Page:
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Strike (Sergei Eisenstein, 1925) By Nieland, Justus

DOI: 10.4324/9781135000356-REM1221-1
Published: 01/10/2016
Retrieved: 21 June 2024, from


The first feature film of legendary Soviet director Sergei Eisenstein, Strike, is an anatomy of the germination of collective action, its surveillance within modern networks of power, and its violent repression. Based on the 1903 strikes at Rostov-on-the-Don, Strike was conceived as part of a never finished seven-film cycle entitled Toward the Dictatorship of the Proletariat. Made in the aftermath of the Russian Revolution, the film is the first of a series of Eisenstein’s filmic mythologies of revolutionary action – here an historical strike – that includes Battleship Potemkin (1926), a film about a famous mutiny, and October: Ten Days that Shook the World (1927), a picture about the revolution itself. Strike is, of course, a propaganda film for the nascent Soviet state, and rooted in an aspiration towards documentary actuality. But it is also one of the director’s most formally exuberant, theatrical films. Its dazzling display of technical trickery (superimpositions, double-exposures, shifting frame dimensions, hyperactive irises and dissolves), and its non-naturalistic performance styles, betray the strong influence of popular culture on the young Eisenstein. The director’s indebtedness to the anti-psychological, externalized approaches to acting characteristic of 1920s Soviet constructivist theatre of the 1920s – the biomechanical principles of Vsevolod Meyerhold, or the illogical, gag-based performance styles of the Factory of the Eccentric Actor (FEKS), a Petrograd-based acting workshop with which the young Eisenstein was associated – is also evident in Strike’s pile of gags, acrobatics, and clown routines. Strike illustrates Eisenstein’s early desire to structure his films as sensational attractions, whose aggressive montages – as in Strike’s famous intercutting of the slaughtering of an ox and the murder of the striking workers by tsarist forces – were calculated to manipulate spectators’ emotions and allegiances. During the 1930s, under the pressure of a new Soviet demand for Socialist realism, Eisenstein would disavow as youthful excesses the formal experiments of Strike that continue to astonish audiences.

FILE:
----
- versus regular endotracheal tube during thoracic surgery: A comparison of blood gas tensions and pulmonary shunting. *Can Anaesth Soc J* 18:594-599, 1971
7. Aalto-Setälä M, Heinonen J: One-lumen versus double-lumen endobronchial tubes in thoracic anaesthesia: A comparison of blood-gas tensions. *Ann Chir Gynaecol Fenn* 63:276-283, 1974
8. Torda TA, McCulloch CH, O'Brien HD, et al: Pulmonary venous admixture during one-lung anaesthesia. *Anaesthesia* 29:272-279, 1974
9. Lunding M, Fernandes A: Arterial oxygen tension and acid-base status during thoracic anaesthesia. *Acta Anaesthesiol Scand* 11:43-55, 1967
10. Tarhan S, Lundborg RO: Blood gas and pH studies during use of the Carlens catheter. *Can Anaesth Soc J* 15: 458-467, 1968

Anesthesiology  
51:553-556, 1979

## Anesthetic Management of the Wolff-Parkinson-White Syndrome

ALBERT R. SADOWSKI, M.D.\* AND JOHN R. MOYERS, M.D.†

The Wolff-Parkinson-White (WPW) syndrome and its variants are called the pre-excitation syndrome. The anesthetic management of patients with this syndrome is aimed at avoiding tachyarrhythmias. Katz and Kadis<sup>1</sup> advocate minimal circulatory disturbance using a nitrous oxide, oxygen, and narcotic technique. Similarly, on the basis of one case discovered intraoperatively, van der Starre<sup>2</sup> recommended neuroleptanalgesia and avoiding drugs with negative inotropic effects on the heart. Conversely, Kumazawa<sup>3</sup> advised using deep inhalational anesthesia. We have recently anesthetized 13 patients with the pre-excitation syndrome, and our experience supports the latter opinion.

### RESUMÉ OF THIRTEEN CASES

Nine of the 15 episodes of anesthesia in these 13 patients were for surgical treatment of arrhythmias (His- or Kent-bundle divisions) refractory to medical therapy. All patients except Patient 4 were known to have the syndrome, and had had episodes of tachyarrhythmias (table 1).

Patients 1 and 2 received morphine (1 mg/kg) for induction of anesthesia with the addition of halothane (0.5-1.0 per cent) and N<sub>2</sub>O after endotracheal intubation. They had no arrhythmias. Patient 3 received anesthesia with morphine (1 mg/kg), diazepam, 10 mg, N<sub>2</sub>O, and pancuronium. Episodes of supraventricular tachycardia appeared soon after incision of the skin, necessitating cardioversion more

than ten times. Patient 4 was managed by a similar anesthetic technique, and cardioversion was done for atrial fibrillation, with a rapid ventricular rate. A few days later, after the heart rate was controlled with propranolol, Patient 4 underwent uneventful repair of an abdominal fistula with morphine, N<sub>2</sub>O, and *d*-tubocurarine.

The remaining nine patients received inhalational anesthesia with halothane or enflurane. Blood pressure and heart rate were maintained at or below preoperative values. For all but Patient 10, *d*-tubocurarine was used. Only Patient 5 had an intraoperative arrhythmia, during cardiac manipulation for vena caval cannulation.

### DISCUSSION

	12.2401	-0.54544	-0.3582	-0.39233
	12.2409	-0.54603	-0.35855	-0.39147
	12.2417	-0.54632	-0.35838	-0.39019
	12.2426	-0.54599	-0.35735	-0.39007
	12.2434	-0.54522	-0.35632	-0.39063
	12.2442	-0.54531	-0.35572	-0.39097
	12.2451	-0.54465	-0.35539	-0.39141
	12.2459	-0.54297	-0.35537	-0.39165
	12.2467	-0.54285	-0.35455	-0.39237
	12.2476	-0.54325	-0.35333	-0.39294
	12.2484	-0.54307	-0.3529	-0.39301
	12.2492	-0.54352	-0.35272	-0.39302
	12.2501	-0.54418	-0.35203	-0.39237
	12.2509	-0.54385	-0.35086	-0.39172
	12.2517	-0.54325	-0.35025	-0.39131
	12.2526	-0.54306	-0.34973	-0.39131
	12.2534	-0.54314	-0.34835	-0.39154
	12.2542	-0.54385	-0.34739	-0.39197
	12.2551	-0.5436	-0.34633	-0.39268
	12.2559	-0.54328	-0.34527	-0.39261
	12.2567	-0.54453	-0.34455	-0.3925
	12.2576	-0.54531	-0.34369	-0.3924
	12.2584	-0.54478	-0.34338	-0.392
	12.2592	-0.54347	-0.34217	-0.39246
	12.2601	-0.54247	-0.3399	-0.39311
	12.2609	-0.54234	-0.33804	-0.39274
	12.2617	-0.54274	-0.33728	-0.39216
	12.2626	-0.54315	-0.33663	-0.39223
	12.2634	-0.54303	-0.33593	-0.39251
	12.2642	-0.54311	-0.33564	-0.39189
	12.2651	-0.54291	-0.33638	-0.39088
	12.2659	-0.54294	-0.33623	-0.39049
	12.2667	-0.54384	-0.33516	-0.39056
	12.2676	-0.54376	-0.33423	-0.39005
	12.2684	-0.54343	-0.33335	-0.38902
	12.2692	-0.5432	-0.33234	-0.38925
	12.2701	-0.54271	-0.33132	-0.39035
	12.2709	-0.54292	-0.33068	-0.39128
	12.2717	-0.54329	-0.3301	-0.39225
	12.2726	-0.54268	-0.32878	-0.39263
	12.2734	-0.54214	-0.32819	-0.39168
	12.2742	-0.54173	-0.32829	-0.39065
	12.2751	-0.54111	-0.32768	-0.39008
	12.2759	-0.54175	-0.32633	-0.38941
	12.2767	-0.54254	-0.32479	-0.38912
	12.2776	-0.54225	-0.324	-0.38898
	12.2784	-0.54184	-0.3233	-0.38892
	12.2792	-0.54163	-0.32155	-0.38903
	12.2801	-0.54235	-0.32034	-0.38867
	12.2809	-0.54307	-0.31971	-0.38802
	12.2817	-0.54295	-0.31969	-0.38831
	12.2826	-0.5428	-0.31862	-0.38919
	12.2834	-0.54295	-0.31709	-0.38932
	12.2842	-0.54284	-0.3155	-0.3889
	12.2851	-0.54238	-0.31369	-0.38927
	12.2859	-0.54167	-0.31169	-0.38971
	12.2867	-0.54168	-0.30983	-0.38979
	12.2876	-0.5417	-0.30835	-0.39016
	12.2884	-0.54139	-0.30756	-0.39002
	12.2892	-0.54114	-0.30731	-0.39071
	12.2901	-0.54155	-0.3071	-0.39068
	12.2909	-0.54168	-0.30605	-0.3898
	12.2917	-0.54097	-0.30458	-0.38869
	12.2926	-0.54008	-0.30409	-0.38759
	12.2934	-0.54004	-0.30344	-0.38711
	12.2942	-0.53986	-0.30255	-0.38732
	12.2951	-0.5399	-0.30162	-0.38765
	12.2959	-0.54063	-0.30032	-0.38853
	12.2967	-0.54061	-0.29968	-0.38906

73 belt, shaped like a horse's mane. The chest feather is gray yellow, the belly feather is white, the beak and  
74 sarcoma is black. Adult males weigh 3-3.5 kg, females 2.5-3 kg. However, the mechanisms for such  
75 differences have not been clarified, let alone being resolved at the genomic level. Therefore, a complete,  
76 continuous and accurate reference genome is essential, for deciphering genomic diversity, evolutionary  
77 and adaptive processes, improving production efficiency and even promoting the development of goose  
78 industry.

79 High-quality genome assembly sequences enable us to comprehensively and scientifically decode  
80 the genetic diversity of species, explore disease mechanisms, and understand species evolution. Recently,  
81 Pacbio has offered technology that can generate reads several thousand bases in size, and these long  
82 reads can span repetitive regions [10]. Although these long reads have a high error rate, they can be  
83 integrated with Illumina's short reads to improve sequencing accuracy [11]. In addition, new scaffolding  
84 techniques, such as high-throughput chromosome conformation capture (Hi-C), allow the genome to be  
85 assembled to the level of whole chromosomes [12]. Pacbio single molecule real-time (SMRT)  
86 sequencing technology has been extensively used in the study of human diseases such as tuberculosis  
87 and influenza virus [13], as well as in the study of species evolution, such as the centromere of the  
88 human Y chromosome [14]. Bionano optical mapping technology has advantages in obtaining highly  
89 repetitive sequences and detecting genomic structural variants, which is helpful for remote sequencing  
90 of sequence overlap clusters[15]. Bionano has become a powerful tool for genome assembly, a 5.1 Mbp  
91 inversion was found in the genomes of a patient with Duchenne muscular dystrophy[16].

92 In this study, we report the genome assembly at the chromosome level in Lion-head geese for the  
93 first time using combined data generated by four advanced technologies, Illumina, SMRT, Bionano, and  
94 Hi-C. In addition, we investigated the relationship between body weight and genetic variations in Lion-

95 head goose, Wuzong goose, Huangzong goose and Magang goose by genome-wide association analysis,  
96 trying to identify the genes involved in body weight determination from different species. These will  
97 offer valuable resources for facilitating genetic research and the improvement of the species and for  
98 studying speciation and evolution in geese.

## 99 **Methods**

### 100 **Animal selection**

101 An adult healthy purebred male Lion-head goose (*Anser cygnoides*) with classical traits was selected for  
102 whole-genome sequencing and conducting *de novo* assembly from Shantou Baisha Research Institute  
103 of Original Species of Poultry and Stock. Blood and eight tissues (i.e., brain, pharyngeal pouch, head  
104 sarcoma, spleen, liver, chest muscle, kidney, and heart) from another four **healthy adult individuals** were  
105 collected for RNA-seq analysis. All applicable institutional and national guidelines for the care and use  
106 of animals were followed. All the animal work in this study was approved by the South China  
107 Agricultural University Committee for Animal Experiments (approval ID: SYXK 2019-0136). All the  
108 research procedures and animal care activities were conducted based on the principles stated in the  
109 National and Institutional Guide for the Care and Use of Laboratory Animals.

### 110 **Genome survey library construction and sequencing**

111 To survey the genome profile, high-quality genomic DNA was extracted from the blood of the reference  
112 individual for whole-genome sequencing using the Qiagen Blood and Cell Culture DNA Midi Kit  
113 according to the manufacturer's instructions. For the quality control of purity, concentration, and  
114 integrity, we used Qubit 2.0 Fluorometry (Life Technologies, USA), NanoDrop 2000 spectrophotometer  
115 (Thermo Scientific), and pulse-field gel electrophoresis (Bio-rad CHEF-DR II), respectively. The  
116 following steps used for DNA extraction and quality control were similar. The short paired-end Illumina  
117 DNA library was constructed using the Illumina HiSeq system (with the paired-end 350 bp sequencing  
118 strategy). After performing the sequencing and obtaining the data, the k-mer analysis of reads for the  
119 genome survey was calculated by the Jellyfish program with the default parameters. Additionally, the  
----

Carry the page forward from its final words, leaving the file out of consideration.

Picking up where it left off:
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Nieland, Justus. Strike (Sergei Eisenstein, 1925) . Routledge Encyclopedia of Modernism, Taylor and Francis,

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